Profile of social work quangos and models for new organisations

Proposals from the Social Work Task Force and the children, schools and families select committee issued in July 2009 would result in a significant shake-up in the landscape of national bodies in social care and social work in England.

In an interim report, the Social Work Task Force backed the establishment of a national college for social work to set standards and provide a strong voice for the profession; while in a report of its inquiry into children’s social work training, the committee called for the establishment of a social work development agency to take control of professional training.

Here we profile two bodies that provide a model for the taskforce and select committee’s proposals, along with the four existing national social care workforce agencies.

Royal College of Paediatrics and Child Health

In a supportive response to the taskforce’s proposal for a college, junior children’s minister Baroness Morgan suggested it could provide a similar role to the Royal College of Paediatrics and Child Health, in offering professionals a voice and a “sense of belonging. Founded in 1996, the RCPCH sets training standards at postgraduate level, issues professional guidance, conducts research, and speaks on behalf of paediatricians and child health professionals in public. Recent guidance issued to its 11,500 members includes materials on safeguarding and child development.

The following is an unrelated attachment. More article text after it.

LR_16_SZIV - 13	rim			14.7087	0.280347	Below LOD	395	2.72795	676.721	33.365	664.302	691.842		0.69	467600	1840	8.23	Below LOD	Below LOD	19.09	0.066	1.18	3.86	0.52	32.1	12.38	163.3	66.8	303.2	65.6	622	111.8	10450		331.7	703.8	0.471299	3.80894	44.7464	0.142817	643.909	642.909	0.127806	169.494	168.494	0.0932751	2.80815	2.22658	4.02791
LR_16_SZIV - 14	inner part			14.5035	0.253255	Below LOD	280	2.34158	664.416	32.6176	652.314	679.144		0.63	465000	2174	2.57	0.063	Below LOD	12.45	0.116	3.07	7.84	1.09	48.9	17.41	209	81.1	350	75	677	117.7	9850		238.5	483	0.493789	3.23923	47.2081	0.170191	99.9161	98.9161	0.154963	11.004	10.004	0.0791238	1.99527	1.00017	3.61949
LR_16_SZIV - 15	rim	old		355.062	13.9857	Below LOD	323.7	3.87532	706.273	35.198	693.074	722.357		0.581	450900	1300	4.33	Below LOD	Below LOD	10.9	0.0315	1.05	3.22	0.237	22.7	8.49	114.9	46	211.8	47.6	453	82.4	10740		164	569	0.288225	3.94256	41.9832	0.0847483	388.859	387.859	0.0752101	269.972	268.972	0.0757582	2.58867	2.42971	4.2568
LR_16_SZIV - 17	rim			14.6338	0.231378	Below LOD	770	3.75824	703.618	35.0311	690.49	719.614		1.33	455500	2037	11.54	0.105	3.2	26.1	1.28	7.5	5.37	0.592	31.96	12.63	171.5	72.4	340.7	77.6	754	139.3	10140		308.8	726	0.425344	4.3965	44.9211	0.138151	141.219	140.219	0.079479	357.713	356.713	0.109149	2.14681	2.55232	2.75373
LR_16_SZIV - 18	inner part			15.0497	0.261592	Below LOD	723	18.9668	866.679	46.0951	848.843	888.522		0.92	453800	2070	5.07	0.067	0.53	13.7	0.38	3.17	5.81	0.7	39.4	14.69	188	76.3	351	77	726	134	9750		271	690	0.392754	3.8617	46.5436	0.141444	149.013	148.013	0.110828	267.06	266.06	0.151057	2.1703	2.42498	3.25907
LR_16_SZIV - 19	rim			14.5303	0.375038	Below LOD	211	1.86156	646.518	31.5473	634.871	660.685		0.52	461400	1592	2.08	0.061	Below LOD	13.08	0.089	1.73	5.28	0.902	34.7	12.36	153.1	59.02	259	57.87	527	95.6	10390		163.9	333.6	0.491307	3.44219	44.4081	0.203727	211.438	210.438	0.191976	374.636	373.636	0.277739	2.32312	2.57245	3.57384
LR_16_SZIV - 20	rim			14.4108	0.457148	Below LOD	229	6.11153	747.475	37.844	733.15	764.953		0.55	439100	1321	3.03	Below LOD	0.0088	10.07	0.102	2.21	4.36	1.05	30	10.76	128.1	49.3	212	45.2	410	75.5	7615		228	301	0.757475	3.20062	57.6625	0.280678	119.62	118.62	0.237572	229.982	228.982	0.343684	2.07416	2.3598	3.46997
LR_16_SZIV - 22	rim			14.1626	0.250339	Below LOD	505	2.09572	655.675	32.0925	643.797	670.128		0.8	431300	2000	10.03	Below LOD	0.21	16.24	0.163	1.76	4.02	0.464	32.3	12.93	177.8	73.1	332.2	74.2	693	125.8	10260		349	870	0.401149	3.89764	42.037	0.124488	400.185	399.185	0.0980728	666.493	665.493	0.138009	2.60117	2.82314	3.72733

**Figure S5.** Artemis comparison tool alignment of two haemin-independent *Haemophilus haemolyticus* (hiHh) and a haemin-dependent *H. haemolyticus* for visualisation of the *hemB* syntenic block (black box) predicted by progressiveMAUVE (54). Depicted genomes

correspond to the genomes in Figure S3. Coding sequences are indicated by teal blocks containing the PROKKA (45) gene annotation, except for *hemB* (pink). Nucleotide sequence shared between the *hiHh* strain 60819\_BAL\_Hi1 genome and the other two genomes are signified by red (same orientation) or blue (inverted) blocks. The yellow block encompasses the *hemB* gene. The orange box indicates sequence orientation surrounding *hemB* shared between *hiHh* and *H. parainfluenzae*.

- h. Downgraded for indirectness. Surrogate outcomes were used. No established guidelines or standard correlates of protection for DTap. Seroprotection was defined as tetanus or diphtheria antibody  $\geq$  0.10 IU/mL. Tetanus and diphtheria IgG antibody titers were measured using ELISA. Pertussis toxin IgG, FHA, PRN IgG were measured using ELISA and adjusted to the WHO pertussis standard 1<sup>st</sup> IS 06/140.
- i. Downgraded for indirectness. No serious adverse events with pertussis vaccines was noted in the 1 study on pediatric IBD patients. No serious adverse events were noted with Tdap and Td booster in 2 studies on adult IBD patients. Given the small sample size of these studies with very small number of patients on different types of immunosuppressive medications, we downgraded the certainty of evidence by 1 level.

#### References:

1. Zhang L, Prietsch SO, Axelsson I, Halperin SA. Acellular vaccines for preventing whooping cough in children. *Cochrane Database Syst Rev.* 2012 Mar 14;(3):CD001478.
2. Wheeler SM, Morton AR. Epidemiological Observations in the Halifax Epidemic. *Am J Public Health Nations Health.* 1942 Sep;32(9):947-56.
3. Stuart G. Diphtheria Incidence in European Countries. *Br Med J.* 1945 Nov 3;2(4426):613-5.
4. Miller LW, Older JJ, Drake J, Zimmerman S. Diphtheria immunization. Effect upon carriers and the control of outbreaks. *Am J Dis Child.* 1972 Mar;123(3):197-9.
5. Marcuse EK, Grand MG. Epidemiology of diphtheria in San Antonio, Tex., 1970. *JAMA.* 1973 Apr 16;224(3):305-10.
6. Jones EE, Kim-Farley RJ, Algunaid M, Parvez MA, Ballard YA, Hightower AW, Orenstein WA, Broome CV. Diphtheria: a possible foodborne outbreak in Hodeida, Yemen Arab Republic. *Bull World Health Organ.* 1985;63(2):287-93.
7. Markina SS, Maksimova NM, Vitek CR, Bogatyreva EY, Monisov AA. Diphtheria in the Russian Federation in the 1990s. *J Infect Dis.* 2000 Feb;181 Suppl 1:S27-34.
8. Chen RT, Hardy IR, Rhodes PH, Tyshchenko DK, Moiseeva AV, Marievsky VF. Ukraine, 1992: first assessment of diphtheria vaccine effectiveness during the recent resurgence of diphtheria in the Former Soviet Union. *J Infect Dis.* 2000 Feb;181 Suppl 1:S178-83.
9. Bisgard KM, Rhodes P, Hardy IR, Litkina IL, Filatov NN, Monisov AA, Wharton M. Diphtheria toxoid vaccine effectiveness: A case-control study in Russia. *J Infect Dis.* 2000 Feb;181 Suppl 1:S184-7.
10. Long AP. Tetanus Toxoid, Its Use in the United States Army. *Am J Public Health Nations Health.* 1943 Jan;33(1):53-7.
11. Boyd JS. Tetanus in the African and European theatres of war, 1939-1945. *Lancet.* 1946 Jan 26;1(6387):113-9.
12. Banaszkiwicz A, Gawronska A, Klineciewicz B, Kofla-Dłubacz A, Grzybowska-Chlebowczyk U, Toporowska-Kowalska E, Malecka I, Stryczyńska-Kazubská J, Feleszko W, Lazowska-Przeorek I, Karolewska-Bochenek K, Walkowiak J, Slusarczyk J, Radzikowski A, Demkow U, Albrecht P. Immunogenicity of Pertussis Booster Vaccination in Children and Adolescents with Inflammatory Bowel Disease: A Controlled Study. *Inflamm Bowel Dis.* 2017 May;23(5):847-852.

The college defended the profession last month when it emerged that a third of paediatricians had not been properly trained in safeguarding.
Dr Rosalyn Proops, child protection officer at the RCPCH, blamed NHS employers for failing to provide sufficient time to develop and provide the training.

Training and Development Agency for Schools

The children, schools and families select committee said its proposal for a social work development agency was based on the Training and Development Agency for Schools.
The organisation is responsible for recruitment, workforce planning, and commissioning and funding teacher training, both pre- and post-qualifying.